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Oil Firms Tighten Security After U.S. Strike on Iranian Commander

03/01/2020 7:01pm

Dow Jones News


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By Benoit Faucon, Summer Said and Sarah McFarlane 

Oil companies in the Middle East are tightening security as U.S. officials say American energy infrastructure in the region is a likely target for Iranian retaliation following the killing by the U.S. of Islamic Revolutionary Guard Corps commander Qassem Soleimani.

A call by the U.S. Embassy in Baghdad for all U.S. citizens to leave Iraq is expected to affect staffing at Exxon Mobil Corp., which operates facilities in the country's volatile southern region. The company should be able to maintain production with local workers, analysts said.

Exxon Mobil is closely monitoring the situation and has programs and measures in place to provide security to protect its people, a spokeswoman said.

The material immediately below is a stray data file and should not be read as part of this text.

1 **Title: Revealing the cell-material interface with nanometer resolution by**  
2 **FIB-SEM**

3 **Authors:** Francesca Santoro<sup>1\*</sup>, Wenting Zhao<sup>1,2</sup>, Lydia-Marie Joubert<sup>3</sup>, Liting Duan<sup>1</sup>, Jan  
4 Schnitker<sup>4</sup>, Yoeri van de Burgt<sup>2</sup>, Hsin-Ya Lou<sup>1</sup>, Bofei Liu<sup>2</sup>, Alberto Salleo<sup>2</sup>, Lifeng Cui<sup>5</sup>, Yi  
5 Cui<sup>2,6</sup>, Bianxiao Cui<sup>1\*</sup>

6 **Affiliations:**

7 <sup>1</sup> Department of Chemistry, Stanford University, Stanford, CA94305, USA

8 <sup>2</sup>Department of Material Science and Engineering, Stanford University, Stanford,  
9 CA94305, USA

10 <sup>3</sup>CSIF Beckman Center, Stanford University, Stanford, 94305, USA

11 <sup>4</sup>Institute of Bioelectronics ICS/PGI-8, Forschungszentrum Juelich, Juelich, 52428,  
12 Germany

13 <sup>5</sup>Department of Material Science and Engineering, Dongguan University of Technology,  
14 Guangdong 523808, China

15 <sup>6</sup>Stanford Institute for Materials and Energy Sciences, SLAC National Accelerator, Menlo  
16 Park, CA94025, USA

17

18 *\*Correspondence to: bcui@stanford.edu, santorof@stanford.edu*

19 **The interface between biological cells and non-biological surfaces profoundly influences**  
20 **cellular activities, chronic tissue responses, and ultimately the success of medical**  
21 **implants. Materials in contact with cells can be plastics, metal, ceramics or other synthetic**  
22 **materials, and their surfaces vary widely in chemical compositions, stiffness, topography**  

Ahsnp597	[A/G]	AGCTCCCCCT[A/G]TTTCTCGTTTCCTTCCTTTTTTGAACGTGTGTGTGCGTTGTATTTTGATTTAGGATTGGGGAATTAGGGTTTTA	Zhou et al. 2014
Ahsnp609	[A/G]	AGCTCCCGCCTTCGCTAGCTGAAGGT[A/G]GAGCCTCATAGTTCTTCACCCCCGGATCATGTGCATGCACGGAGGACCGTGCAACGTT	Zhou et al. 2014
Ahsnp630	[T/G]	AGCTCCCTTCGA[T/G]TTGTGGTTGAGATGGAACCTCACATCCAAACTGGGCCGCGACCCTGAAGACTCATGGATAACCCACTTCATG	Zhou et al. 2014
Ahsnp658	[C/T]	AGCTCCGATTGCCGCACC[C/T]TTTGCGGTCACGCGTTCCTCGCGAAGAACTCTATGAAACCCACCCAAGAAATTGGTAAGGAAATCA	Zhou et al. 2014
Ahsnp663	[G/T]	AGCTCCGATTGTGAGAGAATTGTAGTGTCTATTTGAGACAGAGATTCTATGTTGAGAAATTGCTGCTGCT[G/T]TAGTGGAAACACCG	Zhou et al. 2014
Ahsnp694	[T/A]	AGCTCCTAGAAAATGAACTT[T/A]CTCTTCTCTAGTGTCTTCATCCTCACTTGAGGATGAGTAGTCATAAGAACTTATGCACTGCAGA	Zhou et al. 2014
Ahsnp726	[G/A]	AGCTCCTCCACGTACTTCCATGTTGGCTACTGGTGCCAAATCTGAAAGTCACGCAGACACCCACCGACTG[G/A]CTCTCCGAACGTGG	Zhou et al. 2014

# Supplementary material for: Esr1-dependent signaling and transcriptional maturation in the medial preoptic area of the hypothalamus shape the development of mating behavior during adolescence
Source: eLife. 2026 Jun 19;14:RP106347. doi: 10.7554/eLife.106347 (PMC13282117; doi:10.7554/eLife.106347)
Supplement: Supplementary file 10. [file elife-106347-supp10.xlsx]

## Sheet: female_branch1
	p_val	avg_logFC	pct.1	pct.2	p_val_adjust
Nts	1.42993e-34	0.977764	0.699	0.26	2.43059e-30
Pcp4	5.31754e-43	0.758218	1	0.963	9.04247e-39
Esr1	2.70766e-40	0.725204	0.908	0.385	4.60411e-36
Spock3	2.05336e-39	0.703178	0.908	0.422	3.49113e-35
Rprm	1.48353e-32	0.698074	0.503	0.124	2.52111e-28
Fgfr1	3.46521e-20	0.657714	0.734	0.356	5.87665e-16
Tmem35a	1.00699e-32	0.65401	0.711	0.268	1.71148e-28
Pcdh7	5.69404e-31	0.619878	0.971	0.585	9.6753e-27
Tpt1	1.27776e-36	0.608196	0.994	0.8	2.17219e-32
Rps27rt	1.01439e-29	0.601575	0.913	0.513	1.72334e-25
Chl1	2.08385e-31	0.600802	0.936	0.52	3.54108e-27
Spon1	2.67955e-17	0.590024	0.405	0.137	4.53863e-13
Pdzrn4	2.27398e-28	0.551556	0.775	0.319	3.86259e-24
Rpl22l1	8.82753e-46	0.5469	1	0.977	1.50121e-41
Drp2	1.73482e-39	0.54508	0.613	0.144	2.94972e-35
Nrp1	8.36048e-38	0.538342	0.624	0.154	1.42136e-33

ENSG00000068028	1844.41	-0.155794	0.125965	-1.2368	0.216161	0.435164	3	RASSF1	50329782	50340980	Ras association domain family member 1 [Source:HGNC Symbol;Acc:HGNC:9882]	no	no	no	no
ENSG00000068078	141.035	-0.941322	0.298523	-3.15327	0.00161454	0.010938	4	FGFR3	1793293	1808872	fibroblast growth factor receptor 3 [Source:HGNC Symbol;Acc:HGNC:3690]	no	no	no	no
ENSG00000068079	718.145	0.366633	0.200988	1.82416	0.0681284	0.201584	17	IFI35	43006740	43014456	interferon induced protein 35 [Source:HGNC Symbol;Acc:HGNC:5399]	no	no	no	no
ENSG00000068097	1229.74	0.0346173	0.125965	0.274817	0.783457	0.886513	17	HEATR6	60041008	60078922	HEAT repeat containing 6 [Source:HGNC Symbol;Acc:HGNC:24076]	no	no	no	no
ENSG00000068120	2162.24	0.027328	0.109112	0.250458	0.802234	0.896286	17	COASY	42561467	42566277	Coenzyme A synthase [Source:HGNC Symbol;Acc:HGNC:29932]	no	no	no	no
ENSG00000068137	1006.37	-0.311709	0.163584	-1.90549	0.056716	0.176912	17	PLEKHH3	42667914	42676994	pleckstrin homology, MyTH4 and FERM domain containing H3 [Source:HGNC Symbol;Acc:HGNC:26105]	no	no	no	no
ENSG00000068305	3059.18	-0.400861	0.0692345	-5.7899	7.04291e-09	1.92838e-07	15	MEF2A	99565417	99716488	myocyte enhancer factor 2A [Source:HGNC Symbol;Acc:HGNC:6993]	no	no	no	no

The company produces around 400,000 barrels of oil a day at the West Qurna 1 field in Iraq. Amid rising tensions in the country, talks between Iraq and Exxon Mobil to build a roughly $50 billion oil operation have been stalled for months, according to people familiar with the matter.

BP PLC declined to comment on security or staffing. The company is a partner in the development of Rumaila, the world's third-largest producing field, in southern Iraq. Chevron Corp., which operates in Iraqi Kurdistan, an area so far unaffected by the unrest, said the safety of its people and facilities is a priority.

Iran's oil infrastructure is also vulnerable to attack. Washington considered striking Iran's offshore platforms following an attack on Saudi oil facilities in September, which the U.S. blames on Tehran, said another U.S. official. For now, the Trump administration has so far favored operations outside Iran, in part to avoid alienating the Iranian people, U.S. officials said.

Iranian officials have cited the need to preserve an oil industry built over decades as a reason to avoid an armed confrontation. War with the U.S. "is not our goal," Bahram Ghasemi, Iran's ambassador to France, said in an October interview. "Everything will be destroyed if there is a conflict."